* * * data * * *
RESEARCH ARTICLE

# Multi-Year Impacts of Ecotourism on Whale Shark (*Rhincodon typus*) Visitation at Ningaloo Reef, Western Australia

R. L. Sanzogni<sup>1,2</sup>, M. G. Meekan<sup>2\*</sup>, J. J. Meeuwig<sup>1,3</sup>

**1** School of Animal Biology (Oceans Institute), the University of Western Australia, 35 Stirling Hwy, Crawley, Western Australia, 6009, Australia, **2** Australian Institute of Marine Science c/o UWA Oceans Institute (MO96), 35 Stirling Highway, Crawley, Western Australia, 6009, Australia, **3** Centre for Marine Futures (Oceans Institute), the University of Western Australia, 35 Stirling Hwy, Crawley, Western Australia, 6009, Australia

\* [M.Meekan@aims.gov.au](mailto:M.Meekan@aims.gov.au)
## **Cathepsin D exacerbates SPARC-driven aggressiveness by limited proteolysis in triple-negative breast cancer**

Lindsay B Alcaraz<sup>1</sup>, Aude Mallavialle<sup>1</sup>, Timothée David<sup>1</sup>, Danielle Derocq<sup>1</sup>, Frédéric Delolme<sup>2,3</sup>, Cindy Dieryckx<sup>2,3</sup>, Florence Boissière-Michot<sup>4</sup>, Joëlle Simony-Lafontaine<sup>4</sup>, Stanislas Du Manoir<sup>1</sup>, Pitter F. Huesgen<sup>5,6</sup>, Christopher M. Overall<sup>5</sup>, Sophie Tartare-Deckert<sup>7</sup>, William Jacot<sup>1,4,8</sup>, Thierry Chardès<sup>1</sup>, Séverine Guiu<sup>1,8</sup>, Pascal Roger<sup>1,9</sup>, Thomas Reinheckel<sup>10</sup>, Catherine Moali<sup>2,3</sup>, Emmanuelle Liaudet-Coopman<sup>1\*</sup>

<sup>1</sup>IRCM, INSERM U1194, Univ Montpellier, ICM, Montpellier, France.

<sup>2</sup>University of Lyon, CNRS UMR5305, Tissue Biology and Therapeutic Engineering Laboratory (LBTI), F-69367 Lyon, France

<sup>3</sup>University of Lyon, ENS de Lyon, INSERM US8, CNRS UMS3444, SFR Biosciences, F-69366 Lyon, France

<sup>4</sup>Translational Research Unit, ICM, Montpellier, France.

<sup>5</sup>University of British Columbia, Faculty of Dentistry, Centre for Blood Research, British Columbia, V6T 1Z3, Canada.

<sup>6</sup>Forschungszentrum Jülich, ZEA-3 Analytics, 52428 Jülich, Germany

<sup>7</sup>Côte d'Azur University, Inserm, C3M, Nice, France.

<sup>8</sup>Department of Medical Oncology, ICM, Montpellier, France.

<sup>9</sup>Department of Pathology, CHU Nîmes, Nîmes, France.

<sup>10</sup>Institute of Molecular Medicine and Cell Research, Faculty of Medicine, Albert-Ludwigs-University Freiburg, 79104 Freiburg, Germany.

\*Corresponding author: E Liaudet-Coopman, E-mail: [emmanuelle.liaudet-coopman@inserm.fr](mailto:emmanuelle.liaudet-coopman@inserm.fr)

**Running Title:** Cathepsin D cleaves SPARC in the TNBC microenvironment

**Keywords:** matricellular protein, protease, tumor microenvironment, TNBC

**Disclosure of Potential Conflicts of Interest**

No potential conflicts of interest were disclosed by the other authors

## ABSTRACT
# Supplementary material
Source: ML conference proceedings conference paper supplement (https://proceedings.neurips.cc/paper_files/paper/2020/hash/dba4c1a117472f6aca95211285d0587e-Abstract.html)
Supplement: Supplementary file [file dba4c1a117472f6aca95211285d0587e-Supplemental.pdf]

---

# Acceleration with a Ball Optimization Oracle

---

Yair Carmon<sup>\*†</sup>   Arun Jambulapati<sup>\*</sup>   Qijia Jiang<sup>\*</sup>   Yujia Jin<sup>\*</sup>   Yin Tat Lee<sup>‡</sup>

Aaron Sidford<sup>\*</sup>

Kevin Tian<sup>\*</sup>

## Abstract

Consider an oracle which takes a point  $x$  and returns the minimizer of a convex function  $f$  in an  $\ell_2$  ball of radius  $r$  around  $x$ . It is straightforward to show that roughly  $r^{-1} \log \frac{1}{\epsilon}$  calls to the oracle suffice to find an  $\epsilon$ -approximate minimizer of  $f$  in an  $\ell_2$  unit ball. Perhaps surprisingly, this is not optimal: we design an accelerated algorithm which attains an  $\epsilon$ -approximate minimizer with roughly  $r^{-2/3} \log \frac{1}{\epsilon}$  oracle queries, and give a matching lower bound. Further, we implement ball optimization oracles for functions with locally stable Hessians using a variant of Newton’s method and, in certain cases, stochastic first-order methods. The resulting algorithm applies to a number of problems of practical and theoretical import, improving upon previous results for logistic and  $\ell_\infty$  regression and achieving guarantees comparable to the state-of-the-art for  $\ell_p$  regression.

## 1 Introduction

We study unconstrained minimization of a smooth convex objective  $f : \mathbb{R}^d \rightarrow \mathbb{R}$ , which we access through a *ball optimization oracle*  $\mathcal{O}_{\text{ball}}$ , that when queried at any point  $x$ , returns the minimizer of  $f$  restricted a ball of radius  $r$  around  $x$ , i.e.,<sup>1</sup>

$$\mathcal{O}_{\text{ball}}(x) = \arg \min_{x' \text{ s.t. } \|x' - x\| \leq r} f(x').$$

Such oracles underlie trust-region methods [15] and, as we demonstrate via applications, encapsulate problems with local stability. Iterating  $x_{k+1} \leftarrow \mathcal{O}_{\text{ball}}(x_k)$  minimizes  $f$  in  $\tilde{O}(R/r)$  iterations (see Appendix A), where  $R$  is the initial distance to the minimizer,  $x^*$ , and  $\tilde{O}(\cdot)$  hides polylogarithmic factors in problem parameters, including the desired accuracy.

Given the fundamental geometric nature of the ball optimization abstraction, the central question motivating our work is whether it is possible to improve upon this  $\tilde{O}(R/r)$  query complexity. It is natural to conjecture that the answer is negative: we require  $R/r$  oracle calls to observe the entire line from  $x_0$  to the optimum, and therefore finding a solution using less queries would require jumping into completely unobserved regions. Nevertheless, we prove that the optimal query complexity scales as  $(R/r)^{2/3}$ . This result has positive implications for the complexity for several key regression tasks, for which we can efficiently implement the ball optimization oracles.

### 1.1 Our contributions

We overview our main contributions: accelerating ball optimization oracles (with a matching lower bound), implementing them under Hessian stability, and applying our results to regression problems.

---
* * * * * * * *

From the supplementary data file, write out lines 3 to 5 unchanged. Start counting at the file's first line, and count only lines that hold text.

R. L. Sanzogni<sup>1,2</sup>, M. G. Meekan<sup>2\*</sup>, J. J. Meeuwig<sup>1,3</sup>

**1** School of Animal Biology (Oceans Institute), the University of Western Australia, 35 Stirling Hwy, Crawley, Western Australia, 6009, Australia, **2** Australian Institute of Marine Science c/o UWA Oceans Institute (MO96), 35 Stirling Highway, Crawley, Western Australia, 6009, Australia, **3** Centre for Marine Futures (Oceans Institute), the University of Western Australia, 35 Stirling Hwy, Crawley, Western Australia, 6009, Australia

\* [M.Meekan@aims.gov.au](mailto:M.Meekan@aims.gov.au)